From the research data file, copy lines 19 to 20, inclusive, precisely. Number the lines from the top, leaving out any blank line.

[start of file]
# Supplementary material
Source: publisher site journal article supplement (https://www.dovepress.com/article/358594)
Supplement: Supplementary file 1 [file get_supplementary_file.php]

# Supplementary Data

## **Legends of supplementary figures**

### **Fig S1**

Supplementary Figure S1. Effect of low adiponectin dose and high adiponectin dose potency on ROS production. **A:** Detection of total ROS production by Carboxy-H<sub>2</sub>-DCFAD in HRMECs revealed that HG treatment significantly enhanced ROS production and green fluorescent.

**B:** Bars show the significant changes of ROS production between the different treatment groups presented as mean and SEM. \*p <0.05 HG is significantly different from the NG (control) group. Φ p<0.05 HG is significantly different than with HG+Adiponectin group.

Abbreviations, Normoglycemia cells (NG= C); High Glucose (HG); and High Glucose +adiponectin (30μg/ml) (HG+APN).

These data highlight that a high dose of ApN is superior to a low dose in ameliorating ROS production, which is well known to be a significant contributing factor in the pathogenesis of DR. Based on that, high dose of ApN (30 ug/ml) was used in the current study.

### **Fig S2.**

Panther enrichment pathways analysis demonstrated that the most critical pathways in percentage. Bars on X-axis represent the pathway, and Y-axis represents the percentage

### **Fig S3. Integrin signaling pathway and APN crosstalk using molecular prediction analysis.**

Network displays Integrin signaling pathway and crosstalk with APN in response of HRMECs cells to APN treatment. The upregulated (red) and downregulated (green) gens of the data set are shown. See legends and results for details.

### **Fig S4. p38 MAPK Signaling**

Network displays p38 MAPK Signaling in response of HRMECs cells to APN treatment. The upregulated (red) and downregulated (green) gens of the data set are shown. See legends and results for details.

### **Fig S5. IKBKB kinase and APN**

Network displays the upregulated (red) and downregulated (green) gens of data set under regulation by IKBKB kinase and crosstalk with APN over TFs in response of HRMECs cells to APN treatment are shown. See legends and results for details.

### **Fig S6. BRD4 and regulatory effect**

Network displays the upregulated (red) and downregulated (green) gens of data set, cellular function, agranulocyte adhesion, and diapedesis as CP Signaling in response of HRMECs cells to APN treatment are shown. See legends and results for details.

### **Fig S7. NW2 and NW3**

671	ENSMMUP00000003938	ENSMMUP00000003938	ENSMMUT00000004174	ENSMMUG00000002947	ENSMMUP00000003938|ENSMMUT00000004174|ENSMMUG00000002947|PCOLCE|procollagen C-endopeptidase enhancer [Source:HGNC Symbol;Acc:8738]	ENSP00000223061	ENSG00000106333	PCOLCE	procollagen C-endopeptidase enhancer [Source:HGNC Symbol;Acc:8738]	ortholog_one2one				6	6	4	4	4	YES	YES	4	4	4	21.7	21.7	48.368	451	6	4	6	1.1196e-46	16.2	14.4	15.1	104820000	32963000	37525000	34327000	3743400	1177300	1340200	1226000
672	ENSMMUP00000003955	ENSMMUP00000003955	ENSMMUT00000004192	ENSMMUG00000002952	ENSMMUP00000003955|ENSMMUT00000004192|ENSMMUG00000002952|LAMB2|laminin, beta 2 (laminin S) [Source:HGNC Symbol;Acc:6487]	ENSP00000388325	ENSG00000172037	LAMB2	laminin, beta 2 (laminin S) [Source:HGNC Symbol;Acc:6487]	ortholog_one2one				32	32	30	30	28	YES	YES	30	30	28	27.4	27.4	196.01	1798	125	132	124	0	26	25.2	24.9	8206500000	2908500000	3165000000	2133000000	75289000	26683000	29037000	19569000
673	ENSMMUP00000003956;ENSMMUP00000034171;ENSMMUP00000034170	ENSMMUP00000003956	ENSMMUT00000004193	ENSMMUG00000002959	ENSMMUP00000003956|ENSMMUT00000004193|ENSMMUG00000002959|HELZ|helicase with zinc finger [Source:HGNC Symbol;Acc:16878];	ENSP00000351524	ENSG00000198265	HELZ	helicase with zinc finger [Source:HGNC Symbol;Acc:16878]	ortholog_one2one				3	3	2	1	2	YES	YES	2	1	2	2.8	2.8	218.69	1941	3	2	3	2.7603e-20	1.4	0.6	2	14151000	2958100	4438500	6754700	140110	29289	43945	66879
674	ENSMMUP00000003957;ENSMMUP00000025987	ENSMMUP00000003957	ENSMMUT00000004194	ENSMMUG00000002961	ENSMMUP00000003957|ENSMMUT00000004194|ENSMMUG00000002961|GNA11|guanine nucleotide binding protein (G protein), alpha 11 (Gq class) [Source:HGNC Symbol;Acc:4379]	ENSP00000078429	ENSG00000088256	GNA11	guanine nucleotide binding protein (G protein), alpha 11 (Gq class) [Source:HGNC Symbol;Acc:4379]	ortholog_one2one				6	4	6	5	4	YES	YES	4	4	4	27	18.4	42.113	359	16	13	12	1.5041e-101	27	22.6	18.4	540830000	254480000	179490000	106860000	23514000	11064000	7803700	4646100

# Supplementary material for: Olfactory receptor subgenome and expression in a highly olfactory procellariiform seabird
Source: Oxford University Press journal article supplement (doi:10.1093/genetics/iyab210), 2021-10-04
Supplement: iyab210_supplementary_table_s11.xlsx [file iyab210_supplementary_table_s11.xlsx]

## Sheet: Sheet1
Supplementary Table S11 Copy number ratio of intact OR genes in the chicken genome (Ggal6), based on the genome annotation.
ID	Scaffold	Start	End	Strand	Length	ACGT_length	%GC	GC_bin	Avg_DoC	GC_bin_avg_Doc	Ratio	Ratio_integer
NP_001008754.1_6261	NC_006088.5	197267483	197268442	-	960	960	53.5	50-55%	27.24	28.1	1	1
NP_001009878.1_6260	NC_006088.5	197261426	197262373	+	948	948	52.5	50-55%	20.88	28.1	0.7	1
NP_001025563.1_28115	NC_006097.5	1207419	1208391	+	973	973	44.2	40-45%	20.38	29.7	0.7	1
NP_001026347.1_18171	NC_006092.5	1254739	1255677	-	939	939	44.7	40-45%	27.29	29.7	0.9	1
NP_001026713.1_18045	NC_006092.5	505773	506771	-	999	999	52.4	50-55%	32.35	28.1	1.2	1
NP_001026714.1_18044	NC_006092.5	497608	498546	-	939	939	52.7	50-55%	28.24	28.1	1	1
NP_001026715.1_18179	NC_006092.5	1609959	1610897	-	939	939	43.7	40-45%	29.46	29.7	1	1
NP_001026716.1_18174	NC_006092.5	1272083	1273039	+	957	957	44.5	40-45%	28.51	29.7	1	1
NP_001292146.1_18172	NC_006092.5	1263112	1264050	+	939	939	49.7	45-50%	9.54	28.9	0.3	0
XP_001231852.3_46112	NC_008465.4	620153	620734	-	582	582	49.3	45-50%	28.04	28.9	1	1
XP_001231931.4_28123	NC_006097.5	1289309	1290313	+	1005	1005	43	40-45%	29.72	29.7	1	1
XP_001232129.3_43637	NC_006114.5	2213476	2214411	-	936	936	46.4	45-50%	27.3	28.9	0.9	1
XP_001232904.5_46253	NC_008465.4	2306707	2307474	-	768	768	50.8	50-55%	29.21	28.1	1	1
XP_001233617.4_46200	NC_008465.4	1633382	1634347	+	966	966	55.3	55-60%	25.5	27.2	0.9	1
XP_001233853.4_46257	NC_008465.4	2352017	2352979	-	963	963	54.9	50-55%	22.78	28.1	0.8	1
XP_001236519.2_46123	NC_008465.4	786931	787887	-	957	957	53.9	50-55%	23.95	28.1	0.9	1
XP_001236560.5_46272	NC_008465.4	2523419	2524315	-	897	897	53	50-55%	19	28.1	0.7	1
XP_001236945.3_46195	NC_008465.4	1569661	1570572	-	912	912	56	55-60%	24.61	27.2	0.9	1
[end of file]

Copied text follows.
### **Fig S6. BRD4 and regulatory effect**

Network displays the upregulated (red) and downregulated (green) gens of data set, cellular function, agranulocyte adhesion, and diapedesis as CP Signaling in response of HRMECs cells to APN treatment are shown. See legends and results for details.